Bill Odom and the State of The Perl Foundation

by chromatic

At YAPC::NA 2006, The Perl Foundation President Bill Odom gave a short keynote about the state of The Perl Foundation and his plans to encourage the continued success and growth of the Perl language and community. I took some concise notes, and hope to do Bill's speech and views justice by expanding on them.


7 Comments

keith ray
2006-07-14 14:30:15
Design patterns are ways to encapsulation what varies away from what doesn't vary, in various situations. That idea is language-indendent.


See www.netobjectives.com/ezines/ez0407NetObj_Commonality_and_Variability_Analysis.pdf


chromatic
2006-07-14 14:38:49
Keith, that's true. I should have explained that, as I understand it, Mark's point was that most of the example design patterns in GoF don't apply to languages with better opportunity for abstractions.


For example, the Iterator pattern is interesting in Java because the language doesn't support it all that well, there's little need for it in languages such as Perl and especially Ruby.


(That may be a bad example, but I don't want to get into something more complex such as the Decorator.)

monkeyhelper
2006-07-15 06:13:27
I'm a big fan of Perl and I've been trying to understand why it's perceived as a dying language. I think a good example (and I guess self-reinforcing) is that I've recently cross-trained to Rails as I don't see the (contract) opportunities for Perl that I used to.


One of my main problems with Perl is one of it's perceived strengths - CPAN. It's a huge repository of code (which is great) but the quality varies vastly as do styles of implementation - for example XML processing - depending on if you want to generate/parse XML/XSLT/XQuery etc ... there are many different modules with varying interfaces/C bindings that make it a real bind to pick one and stick with it, I know TMTOWTDI is a Perlism but in this instance I don't consider it a strength and as a developer I just 'want it to work'.


This is a point that other languages will also reach (including Ruby/ROR I guess) but at the moment the 'newer' languages are stronger due to their lack of legacy - maybe the Perl community needs to look at how to handle/restructure/improve this heritage.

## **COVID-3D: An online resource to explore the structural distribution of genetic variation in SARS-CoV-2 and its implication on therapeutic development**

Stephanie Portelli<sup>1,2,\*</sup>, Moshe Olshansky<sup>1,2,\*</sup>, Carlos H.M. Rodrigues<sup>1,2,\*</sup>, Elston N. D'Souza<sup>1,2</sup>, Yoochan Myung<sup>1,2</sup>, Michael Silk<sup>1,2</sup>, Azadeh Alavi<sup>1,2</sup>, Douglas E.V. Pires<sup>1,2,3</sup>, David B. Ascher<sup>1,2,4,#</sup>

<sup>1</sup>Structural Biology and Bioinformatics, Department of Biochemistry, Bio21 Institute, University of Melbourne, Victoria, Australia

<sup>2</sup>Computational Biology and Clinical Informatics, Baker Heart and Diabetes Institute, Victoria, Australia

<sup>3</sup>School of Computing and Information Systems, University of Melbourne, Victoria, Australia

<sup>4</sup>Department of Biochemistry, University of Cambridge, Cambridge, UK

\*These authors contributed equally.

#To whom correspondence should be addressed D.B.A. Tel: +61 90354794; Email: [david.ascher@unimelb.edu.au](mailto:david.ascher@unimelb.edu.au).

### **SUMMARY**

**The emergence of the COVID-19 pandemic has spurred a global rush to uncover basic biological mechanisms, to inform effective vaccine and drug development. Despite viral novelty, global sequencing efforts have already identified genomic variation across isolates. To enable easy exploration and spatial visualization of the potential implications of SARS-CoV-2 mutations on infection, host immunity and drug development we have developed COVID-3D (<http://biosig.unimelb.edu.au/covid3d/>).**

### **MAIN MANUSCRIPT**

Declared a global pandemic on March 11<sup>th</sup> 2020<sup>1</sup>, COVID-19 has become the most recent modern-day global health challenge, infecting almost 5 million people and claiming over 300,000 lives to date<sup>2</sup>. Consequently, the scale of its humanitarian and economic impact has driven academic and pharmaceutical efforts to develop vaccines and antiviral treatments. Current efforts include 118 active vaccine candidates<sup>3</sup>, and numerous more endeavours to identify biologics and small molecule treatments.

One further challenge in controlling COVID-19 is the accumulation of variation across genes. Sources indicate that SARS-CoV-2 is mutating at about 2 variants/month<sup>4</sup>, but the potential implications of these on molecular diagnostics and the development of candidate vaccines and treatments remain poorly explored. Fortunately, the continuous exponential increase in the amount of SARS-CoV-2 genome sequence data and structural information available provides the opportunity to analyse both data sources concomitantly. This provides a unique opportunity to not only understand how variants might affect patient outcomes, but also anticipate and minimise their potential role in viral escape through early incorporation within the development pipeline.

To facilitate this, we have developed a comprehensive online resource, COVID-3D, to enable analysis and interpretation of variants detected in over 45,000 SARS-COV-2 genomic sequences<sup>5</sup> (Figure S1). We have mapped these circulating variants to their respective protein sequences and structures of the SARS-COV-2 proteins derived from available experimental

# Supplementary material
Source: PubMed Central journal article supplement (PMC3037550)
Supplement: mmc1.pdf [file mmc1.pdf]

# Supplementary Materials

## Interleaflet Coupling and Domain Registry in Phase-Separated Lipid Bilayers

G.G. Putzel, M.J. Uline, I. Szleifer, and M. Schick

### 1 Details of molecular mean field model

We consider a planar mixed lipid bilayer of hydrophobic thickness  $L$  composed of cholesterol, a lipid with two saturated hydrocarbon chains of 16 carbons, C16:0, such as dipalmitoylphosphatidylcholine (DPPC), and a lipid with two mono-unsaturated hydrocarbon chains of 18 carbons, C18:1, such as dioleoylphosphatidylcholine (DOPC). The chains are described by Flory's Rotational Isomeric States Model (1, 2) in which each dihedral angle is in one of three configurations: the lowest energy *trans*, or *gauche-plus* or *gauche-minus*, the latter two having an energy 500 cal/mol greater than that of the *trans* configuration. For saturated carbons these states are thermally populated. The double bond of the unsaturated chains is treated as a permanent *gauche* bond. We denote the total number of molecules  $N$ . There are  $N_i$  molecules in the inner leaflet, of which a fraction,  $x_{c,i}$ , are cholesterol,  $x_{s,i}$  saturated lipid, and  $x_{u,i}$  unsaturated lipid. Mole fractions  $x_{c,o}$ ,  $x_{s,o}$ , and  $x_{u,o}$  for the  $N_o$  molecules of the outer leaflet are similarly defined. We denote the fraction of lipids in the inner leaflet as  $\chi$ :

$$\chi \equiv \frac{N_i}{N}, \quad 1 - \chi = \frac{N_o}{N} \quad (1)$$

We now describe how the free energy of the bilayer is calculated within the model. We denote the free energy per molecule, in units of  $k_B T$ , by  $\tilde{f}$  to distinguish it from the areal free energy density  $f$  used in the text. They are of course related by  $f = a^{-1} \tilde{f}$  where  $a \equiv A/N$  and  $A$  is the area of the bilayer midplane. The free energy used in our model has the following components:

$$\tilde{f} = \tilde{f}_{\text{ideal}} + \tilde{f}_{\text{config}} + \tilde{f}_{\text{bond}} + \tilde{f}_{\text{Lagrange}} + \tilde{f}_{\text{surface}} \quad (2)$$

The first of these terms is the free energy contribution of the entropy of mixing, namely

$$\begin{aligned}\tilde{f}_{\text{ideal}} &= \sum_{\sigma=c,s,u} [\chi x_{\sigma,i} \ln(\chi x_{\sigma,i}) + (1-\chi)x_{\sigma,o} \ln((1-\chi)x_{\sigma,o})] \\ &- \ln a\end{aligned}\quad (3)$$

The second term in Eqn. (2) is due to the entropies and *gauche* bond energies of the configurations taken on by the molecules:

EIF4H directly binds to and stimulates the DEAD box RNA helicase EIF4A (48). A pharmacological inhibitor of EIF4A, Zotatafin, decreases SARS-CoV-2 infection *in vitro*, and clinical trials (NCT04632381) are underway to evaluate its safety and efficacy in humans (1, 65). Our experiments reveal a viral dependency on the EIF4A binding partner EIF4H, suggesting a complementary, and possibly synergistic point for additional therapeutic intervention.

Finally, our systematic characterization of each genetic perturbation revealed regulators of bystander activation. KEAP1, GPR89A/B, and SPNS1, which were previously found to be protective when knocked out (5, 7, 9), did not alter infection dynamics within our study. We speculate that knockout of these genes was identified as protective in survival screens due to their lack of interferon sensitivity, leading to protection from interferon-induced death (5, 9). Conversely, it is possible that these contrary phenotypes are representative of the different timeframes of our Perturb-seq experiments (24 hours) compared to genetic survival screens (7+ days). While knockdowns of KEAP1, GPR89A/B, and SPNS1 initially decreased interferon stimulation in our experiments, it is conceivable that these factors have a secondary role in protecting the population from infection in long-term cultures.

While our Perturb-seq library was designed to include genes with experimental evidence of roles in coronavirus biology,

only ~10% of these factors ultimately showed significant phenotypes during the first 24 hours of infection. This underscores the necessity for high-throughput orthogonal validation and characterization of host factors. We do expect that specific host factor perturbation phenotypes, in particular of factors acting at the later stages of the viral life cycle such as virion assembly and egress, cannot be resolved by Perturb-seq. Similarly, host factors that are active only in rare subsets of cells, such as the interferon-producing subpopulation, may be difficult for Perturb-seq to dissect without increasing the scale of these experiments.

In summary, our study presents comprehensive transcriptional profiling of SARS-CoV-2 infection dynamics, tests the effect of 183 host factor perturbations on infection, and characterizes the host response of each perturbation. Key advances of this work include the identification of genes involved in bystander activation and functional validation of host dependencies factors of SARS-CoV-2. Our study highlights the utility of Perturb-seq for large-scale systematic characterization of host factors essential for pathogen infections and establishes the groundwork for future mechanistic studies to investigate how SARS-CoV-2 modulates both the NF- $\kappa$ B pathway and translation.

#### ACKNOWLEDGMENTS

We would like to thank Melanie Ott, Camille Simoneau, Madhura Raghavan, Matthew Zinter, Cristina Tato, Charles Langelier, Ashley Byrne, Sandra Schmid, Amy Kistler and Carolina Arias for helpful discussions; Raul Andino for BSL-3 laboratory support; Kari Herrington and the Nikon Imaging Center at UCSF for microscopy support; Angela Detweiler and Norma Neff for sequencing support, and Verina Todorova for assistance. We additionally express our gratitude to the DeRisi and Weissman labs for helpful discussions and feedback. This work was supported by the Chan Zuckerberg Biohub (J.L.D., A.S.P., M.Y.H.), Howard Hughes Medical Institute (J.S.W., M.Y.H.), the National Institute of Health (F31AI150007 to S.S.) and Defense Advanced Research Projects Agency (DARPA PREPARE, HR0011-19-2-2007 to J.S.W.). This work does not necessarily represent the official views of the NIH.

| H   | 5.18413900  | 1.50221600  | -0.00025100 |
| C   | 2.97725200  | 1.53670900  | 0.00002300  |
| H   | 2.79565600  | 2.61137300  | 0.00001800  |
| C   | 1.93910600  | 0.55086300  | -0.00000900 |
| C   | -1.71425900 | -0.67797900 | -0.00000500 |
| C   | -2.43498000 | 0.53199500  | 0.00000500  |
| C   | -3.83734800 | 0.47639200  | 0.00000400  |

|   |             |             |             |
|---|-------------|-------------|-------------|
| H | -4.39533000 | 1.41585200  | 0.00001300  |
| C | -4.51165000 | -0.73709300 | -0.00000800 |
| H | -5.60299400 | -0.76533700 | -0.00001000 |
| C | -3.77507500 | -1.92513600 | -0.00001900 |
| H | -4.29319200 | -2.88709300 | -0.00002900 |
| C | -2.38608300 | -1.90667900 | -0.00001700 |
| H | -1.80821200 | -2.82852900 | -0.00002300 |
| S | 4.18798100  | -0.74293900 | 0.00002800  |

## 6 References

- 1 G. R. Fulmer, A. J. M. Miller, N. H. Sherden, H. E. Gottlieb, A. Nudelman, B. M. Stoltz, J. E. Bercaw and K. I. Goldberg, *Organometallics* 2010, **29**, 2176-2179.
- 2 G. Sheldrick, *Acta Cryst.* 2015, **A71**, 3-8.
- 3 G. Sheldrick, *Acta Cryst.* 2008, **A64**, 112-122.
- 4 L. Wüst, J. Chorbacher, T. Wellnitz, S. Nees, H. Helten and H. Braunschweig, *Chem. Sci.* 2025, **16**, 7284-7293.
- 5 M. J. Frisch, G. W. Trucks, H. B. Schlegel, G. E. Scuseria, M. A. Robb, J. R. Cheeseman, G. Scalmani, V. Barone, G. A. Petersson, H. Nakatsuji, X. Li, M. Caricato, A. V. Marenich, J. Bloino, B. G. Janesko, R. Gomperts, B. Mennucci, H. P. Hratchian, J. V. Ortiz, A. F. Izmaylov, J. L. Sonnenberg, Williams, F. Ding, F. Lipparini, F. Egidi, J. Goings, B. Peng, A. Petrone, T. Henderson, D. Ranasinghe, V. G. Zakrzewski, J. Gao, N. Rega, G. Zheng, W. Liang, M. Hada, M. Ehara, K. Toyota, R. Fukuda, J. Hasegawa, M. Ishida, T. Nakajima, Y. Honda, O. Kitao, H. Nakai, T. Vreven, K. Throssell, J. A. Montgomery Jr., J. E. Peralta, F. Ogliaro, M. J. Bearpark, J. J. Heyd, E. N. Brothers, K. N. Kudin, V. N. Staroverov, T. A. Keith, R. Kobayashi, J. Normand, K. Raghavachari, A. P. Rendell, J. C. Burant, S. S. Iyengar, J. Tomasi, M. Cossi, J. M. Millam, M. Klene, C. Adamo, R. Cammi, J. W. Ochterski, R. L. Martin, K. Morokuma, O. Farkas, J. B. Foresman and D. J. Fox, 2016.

2006-07-15 12:12:32
I am big fan of Perl too. Even though recently learning Ruby, I still make program in Perl. Waiting for Perl 6. It will be interesting. I want to have Perl 6 and Ruby in my toolbox.
odomfan
2006-07-15 12:14:47
bill rules!
rjbond3rd
2006-07-18 06:50:57
Hi chromes,


Though it should be enough simply to be successful, it's not. I've seen lots of projects get migrated from Perl to Java, and in one case, to VB.Net, often for non-technical reasons (e.g. corporate mergers).


But you know what? I've also seen lots of solid Linux web apps get migrated to Windows Server 2003 lately, for the simple reason that the boss is more comfortable with Windows. Ouch.


As you say, we need to mobilize and evangelize. But in order to evangelize about Perl perceptions, it would be nice to have an occasion -- say, a highly publicized breakthrough success story to ignite interest outside the Perl community, to open minds and pique curiosity.


Why do Rails and AJAX get so much ink compared to Parrot and Pugs? For that matter, why is a costly, painful solution chosen over a better, cheaper, freer one?


I have no doubt that someone somewhere is building The Next Big Thing with Perl6 -- we just don't know what it is yet. That will make evangelism so much easier.


In the meantime, a TPF Perl5/6 certification would be a nice thing.

chromatic
2006-07-18 15:16:35
rjbond3rd, those are interesting points. I wonder if part of the reason for promoting Ruby and Rails over Perl 6 and Parrot is, first, that Rails is usable now for non-core developers and, second, that it's a toolkit rather than just a language.


I do know of one company getting ready to deploy Parrot in production, but I can't say more about that. There's definitely a lifecycle stage here though.